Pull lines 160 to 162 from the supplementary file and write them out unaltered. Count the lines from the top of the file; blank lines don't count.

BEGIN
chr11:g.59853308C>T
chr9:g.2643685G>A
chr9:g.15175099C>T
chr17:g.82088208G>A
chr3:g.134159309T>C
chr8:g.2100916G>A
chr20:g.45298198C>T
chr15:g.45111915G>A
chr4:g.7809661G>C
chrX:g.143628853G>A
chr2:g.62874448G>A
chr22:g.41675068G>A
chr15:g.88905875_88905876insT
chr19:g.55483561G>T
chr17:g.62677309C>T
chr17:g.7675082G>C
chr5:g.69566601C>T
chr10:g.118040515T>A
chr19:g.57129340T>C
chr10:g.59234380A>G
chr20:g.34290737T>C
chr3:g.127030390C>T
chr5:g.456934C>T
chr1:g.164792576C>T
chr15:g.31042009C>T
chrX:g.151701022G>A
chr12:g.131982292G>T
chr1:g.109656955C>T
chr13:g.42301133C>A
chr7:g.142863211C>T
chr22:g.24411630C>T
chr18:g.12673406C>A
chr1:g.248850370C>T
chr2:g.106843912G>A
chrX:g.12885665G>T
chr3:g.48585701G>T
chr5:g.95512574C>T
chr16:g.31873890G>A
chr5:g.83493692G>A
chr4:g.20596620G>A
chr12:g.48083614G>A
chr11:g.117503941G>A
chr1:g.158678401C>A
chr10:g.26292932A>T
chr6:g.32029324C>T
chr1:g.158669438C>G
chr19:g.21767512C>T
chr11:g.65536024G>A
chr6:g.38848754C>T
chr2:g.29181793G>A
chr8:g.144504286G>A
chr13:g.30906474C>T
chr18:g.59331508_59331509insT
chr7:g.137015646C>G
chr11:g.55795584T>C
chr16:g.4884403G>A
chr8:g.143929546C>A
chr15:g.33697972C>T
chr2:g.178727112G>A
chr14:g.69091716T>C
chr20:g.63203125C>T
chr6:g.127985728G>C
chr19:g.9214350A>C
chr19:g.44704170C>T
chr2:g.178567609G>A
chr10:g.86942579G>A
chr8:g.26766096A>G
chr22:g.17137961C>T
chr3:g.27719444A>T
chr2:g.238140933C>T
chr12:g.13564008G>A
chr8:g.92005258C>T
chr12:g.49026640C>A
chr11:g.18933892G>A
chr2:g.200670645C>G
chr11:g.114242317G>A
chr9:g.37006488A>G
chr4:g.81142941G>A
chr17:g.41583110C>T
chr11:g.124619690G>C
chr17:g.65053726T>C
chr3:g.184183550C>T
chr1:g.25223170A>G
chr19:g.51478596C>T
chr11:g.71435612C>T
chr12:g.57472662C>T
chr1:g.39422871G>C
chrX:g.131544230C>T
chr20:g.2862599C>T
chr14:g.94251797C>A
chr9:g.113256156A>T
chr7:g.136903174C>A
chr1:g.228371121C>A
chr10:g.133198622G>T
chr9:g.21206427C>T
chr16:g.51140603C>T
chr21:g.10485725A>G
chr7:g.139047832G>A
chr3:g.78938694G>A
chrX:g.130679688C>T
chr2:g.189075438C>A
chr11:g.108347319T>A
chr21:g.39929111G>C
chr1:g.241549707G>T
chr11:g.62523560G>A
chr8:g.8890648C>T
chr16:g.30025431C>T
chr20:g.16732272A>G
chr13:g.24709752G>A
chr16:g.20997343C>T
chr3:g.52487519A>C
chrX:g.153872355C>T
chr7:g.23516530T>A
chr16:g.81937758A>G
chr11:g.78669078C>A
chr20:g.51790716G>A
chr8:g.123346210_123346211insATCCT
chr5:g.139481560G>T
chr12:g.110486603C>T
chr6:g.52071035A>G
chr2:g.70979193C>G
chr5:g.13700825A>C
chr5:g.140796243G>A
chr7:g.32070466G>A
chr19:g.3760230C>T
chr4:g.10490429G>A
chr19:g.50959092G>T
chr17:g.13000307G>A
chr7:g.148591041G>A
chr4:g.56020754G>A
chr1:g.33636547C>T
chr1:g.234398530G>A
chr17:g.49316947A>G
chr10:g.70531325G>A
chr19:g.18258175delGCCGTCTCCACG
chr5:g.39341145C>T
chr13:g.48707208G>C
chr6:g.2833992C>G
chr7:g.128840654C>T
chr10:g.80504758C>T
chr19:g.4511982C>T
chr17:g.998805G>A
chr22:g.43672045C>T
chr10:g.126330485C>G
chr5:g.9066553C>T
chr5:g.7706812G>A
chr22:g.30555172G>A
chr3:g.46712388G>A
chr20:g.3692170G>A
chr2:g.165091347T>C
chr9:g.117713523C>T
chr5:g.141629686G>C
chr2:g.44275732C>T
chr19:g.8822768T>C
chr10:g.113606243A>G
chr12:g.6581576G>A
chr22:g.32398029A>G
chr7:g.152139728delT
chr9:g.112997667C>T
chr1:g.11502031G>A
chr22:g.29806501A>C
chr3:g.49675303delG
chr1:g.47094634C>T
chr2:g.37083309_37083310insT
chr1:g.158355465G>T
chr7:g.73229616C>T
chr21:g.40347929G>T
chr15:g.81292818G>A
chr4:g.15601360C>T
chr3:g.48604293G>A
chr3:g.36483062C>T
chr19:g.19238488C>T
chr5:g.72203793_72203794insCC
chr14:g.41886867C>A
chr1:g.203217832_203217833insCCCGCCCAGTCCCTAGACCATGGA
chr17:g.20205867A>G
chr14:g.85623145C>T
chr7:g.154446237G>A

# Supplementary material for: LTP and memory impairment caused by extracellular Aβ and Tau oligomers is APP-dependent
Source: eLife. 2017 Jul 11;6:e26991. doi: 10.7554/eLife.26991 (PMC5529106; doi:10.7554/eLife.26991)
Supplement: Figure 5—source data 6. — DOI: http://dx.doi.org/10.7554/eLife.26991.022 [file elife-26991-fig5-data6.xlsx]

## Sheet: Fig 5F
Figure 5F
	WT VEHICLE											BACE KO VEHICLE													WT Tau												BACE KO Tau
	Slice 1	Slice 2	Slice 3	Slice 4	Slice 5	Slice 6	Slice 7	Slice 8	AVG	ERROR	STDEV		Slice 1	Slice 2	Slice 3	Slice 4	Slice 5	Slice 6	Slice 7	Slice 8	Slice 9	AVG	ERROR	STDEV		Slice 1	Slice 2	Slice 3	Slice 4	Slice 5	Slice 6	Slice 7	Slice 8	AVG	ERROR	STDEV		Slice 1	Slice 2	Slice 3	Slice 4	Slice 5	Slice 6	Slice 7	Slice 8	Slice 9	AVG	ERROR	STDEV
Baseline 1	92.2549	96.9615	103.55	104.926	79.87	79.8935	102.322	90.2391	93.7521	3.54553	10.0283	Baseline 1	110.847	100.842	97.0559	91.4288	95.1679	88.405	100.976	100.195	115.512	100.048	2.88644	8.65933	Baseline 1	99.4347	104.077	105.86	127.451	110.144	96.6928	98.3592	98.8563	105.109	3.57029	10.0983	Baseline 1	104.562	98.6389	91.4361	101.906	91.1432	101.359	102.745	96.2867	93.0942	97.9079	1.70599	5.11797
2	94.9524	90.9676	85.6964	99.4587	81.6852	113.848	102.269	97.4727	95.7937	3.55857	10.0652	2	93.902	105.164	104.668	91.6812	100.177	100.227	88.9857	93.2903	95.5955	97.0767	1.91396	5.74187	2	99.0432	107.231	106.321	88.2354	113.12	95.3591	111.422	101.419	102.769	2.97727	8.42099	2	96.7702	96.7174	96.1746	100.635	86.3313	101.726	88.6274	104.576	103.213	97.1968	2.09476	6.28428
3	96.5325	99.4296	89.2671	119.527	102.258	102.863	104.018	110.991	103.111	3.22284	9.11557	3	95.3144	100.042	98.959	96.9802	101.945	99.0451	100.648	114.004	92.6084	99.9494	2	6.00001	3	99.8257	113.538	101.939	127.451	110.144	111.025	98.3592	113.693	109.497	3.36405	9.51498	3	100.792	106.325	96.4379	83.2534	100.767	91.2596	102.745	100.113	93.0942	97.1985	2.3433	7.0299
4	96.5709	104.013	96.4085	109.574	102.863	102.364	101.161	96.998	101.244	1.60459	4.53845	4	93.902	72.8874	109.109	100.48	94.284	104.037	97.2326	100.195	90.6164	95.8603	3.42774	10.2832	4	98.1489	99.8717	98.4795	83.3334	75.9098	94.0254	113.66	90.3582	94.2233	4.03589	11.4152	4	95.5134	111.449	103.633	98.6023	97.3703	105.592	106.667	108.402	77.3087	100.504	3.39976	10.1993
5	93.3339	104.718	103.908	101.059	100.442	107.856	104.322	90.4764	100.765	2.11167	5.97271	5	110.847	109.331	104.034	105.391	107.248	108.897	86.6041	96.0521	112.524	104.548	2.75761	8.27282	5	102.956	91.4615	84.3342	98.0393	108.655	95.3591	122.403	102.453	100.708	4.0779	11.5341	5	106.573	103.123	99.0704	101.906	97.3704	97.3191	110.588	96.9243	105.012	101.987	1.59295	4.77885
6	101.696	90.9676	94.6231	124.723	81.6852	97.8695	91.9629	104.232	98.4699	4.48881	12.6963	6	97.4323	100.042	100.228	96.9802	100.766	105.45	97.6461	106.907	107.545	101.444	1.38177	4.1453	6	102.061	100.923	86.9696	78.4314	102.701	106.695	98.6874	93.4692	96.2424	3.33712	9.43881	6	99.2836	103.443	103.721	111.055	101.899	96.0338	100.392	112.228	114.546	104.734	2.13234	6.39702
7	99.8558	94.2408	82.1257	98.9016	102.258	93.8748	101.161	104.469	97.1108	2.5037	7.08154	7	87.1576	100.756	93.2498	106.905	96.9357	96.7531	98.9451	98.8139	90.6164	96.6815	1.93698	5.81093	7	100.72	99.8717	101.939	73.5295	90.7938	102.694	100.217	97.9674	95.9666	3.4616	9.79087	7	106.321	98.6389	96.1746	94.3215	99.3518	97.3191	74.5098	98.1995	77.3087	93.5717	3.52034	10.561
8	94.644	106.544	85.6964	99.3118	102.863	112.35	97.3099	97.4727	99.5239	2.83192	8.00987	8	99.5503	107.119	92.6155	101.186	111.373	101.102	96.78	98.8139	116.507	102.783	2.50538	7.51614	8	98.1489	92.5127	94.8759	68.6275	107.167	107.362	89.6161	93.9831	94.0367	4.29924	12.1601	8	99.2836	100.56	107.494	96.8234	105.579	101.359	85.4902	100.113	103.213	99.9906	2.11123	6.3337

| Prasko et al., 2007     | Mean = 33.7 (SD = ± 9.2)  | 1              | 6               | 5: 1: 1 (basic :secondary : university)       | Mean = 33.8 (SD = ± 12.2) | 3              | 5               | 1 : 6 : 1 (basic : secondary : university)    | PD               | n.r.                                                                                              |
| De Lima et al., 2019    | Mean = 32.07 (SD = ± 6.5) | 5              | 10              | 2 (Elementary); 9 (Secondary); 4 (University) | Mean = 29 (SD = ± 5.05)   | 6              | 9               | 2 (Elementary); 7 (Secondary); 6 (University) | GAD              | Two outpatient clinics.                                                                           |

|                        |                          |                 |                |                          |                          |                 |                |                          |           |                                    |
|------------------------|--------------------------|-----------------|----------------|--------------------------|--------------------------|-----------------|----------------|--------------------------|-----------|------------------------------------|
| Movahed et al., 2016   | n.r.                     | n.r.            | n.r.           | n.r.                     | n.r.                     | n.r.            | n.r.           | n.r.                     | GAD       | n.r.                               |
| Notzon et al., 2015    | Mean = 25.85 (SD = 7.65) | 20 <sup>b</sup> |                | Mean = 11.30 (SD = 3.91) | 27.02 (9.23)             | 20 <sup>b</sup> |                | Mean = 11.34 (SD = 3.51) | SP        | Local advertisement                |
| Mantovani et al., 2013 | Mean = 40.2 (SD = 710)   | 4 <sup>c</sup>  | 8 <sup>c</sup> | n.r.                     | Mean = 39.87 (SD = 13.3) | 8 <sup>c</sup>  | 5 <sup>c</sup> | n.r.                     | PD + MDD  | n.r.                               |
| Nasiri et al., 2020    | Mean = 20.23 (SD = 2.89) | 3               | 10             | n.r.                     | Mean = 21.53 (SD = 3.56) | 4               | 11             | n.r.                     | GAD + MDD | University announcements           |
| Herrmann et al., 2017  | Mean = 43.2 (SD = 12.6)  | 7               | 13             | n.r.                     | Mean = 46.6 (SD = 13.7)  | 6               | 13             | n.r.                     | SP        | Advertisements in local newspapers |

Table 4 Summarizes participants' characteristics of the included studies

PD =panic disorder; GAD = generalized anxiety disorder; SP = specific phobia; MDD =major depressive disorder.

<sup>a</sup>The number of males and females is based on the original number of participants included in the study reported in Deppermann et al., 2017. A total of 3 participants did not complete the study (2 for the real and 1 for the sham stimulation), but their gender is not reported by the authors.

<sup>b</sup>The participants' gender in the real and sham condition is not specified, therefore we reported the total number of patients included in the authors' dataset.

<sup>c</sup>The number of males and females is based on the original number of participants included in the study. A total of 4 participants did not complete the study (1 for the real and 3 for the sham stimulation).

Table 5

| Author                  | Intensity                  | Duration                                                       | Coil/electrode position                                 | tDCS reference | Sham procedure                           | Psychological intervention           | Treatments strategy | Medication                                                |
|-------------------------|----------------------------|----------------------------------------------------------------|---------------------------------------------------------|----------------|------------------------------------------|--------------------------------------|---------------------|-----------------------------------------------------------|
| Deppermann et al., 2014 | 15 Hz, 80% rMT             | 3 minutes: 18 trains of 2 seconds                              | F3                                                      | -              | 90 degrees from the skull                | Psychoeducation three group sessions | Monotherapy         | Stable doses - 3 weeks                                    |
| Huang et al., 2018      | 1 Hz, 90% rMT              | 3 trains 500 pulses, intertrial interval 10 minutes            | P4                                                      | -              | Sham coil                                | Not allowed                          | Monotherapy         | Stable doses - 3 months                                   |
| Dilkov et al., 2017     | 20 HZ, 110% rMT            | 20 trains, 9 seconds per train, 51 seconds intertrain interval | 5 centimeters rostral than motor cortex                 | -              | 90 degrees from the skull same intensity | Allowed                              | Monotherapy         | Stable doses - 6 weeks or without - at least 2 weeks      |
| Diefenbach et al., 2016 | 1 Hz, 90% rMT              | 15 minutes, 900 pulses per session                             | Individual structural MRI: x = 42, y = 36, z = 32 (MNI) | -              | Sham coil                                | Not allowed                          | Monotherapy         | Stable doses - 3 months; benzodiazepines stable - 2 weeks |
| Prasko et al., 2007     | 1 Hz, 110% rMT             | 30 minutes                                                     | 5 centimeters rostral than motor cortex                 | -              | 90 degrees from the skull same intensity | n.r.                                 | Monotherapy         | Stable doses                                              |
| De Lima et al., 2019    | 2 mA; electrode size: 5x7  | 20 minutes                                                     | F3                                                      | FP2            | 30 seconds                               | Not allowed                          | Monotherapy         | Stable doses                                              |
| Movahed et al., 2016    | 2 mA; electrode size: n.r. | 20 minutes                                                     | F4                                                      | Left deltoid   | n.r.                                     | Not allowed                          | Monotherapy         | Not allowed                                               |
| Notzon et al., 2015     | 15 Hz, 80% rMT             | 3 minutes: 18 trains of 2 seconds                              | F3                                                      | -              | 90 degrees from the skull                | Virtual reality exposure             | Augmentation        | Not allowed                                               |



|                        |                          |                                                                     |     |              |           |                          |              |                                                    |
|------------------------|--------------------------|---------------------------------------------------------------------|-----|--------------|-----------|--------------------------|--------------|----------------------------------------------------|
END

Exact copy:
chr1:g.11502031G>A
chr22:g.29806501A>C
chr3:g.49675303delG